It seems that σπεύδω has the meaning of "hasten" or "press on" when intransitive (i.e. is without object), but can mean "seek eagerly" or "strive after" something when transitive (i.e. with object). This is clarified in some lexicons (e.g. Liddell-Scott-Jones, Barclay), but not others (e.g. Swanson's Dictionary of Biblical Languages). The confusion lies in that when meaning "hasten" the Greek verb (as the English) can be either transitive or intransitive. One could oneself be hurrying, or one could be hurrying someone along.
Examples of σπεύδω in the intransitive:
Καὶ ἦλθον σπεύσαντες, καὶ ἀνεῦρον τήν τε Μαριὰμ καὶ τὸν Ἰωσήφ, καὶ τὸ βρέφος κείμενον ἐν τῇ φάτνῃ.
And they went with haste [lit. they went hurrying], and found Mary and Joseph, and the babe lying in a manger.
Σπεῦσον καὶ ἔξελθε ἐν τάχει ἐξ Ἱερουσαλήμ· διότι οὐ παραδέξονταί σου τὴν μαρτυρίαν περὶ ἐμοῦ.
Make haste and get quickly out of Jerusalem, because they will not accept your testimony about me.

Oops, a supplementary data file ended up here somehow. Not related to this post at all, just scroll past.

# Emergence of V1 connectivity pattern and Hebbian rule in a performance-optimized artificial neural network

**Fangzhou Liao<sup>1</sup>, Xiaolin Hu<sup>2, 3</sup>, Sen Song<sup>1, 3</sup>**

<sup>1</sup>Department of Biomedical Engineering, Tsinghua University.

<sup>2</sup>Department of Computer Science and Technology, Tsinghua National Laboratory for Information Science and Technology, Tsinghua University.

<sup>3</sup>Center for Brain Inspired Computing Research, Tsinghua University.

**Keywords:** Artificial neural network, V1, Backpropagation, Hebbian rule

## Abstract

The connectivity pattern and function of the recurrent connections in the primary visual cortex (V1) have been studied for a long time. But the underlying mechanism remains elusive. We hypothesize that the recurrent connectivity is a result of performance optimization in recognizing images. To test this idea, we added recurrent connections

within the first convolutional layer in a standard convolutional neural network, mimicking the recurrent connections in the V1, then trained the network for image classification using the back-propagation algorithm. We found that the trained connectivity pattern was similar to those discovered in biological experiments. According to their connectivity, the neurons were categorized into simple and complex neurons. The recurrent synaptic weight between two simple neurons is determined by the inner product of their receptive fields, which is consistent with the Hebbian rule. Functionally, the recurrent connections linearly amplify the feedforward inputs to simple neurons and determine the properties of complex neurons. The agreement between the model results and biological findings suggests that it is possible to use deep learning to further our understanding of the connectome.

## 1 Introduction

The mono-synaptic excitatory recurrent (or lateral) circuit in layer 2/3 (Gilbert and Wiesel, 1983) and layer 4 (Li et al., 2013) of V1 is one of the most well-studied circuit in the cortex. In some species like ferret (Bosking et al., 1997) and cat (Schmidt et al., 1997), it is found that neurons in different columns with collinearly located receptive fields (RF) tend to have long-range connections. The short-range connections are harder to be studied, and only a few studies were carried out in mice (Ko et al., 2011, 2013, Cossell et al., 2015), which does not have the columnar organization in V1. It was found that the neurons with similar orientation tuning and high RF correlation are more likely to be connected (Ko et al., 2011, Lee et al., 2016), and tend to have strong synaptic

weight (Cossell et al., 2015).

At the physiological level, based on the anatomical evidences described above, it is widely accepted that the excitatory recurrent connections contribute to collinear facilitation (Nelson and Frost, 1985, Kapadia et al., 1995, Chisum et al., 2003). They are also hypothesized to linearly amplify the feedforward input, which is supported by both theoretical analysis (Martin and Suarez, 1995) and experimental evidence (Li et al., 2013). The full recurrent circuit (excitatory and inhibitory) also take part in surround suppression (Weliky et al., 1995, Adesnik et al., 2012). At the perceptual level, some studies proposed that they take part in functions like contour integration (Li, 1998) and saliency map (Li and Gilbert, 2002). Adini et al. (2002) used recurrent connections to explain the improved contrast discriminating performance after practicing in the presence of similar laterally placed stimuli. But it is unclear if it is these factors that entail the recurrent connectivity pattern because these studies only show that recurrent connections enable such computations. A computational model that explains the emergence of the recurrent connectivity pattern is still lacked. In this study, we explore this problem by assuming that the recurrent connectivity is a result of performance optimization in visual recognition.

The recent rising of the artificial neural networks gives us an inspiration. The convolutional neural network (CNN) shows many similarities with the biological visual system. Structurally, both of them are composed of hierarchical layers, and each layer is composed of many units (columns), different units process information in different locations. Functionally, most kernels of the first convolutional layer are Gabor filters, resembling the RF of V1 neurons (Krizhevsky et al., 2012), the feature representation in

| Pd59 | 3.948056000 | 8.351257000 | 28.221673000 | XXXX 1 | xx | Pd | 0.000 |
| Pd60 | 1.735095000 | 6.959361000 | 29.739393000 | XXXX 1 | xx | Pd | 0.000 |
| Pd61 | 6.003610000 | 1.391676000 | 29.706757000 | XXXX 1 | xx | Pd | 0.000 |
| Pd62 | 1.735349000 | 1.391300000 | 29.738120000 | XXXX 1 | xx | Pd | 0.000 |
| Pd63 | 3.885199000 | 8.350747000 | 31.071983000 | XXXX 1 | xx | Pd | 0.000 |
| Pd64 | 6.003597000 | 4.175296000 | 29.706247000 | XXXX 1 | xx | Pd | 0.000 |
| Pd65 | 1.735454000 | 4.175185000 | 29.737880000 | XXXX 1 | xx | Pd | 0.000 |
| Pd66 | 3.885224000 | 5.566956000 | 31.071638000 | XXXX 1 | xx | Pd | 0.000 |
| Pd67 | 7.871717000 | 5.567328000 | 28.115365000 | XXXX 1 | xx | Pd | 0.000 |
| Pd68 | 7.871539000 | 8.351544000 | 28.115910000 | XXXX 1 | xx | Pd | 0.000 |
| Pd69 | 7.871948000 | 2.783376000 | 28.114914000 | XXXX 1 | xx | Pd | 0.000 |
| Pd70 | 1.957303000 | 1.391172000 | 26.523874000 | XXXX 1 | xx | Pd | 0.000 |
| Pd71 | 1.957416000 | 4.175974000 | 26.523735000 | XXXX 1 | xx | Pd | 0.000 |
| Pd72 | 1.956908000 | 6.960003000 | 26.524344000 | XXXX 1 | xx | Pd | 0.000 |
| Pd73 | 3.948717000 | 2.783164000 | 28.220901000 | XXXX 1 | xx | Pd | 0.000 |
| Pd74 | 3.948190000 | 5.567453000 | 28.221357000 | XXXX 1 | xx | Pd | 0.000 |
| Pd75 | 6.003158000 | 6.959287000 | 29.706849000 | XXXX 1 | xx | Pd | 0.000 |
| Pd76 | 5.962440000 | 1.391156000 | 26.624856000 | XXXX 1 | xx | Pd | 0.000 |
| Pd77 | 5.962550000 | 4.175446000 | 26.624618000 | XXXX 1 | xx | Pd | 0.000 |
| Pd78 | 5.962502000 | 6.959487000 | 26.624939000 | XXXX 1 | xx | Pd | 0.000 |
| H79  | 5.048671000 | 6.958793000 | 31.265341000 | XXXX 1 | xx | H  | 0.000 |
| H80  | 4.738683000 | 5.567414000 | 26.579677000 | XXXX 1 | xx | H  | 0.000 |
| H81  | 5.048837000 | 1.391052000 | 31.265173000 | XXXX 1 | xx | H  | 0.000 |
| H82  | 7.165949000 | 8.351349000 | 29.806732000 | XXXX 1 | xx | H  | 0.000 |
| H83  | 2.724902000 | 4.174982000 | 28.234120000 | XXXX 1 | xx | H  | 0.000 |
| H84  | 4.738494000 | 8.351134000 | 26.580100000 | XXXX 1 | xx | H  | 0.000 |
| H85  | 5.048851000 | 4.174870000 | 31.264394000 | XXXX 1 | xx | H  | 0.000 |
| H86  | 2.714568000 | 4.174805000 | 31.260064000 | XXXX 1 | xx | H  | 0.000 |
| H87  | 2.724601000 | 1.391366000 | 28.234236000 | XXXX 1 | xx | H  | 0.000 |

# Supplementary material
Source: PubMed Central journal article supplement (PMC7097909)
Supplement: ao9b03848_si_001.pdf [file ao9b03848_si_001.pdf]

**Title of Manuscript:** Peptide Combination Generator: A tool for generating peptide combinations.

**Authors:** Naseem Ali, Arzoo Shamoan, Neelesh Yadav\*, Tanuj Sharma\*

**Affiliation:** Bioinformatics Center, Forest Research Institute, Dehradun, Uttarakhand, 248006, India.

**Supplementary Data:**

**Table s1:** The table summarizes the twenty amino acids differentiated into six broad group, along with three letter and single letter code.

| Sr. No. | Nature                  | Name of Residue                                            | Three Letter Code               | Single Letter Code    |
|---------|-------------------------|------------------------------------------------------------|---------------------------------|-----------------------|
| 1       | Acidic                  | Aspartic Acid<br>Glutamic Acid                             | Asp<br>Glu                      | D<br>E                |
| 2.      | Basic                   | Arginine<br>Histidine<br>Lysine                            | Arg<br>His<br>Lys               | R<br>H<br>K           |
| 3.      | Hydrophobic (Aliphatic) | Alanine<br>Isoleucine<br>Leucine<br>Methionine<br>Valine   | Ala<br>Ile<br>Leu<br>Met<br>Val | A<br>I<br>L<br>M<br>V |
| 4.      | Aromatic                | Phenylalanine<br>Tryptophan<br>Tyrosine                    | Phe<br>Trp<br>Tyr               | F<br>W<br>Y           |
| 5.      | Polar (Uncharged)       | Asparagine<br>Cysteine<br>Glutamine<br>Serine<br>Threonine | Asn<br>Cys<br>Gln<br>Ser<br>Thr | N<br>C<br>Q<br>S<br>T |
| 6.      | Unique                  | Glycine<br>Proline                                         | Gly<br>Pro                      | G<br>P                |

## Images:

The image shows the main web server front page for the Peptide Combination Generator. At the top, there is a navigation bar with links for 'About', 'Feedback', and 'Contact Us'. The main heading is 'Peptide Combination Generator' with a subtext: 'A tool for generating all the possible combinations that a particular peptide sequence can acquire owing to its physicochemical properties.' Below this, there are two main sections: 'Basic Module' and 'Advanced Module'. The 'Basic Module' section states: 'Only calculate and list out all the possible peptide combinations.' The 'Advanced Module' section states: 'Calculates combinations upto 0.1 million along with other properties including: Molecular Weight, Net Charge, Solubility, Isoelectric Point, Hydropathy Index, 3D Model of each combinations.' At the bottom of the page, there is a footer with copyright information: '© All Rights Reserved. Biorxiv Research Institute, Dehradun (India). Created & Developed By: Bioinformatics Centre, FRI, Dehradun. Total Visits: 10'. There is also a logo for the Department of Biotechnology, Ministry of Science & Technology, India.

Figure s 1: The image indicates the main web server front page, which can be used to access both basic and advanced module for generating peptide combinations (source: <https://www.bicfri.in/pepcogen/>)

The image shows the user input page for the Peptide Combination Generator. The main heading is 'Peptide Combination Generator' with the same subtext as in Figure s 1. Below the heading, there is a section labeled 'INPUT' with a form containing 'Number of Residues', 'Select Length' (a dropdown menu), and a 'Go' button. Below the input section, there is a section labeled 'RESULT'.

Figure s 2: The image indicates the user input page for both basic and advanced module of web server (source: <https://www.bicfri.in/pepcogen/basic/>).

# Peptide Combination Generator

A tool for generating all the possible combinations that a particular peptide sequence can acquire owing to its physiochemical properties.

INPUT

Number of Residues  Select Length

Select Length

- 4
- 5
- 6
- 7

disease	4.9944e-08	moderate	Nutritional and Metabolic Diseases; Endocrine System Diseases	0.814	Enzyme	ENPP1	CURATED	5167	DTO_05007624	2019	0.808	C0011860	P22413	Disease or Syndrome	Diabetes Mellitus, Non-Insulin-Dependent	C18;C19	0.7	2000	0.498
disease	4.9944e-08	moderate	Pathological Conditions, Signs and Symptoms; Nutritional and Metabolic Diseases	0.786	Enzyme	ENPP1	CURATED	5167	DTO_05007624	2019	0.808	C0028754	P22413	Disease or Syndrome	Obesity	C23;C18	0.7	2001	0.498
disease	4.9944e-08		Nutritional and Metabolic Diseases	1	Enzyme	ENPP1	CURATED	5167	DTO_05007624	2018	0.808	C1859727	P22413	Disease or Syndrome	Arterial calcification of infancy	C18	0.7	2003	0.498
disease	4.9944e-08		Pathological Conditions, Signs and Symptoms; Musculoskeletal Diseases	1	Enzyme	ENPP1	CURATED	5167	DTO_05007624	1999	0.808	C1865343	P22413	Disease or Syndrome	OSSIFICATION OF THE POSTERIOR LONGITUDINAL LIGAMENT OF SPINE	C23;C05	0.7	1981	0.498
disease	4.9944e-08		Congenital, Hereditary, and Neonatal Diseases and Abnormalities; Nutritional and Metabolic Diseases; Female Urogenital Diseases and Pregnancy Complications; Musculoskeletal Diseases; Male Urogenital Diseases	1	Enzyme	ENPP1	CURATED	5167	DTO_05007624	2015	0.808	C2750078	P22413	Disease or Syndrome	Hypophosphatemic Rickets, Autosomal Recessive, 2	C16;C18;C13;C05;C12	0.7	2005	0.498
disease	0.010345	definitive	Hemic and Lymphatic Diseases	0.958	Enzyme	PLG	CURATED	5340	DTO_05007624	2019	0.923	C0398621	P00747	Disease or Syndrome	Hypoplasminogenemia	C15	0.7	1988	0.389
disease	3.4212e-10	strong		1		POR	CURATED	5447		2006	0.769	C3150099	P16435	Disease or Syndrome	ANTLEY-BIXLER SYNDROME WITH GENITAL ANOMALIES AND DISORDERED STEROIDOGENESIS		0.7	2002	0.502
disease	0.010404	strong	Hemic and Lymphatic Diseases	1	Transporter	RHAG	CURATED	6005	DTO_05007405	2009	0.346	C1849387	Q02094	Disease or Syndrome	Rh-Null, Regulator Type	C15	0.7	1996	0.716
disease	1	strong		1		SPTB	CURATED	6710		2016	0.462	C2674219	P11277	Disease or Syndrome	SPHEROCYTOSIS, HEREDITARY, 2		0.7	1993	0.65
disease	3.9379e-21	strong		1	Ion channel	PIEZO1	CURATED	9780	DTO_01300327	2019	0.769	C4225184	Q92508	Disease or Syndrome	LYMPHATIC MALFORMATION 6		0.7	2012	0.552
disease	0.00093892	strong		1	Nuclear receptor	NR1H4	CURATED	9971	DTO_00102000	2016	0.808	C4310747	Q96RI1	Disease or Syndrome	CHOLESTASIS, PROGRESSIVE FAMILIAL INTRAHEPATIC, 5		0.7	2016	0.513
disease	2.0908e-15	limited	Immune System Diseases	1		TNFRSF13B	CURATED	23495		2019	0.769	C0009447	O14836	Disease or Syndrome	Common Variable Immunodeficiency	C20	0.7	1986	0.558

2 Peter 3:12 seems to be the only place in the New Testament where σπεύδω is used in the transitive (there are 6 usages total), but it is used this way in places in the Septuagint, for example:
σπεῦσον καιρὸν καὶ μνήσθητι ὁρκισμοῦ, καὶ ἐκδιηγησάσθωσαν τὰ μεγαλεῖά σου.
Await the day, and remember the appointed time, and let people recount thy mighty deeds.
Susanna 12 (prelude to Daniel in LXX)
καὶ ὡς ἐγίνετο ὄρθρος, ἐρχόμενοι ἔκλεπτον ἀλλήλους σπεύδοντες, τίς
φανήσεται αὐτῇ πρότερος καὶ λαλήσει πρὸς αὐτήν.
And they watched eagerly, day after day, to see her.
There are also numerous examples given by Liddell-Scott-Jones in ancient Greek literature (e.g. Thucydides' Peloponnesian War 5.16, Euripides' Hecuba line 1175) where it is used in the transitive sense of "await eagerly".
The Orthodox New Testament (done by Greek Orthodox nuns) translates 2 Peter 3:12 as expecting and earnestly desiring the coming of the day of the Lord, but it seems, as you say, most modern translations seem to imply that one can somehow "hasten the day".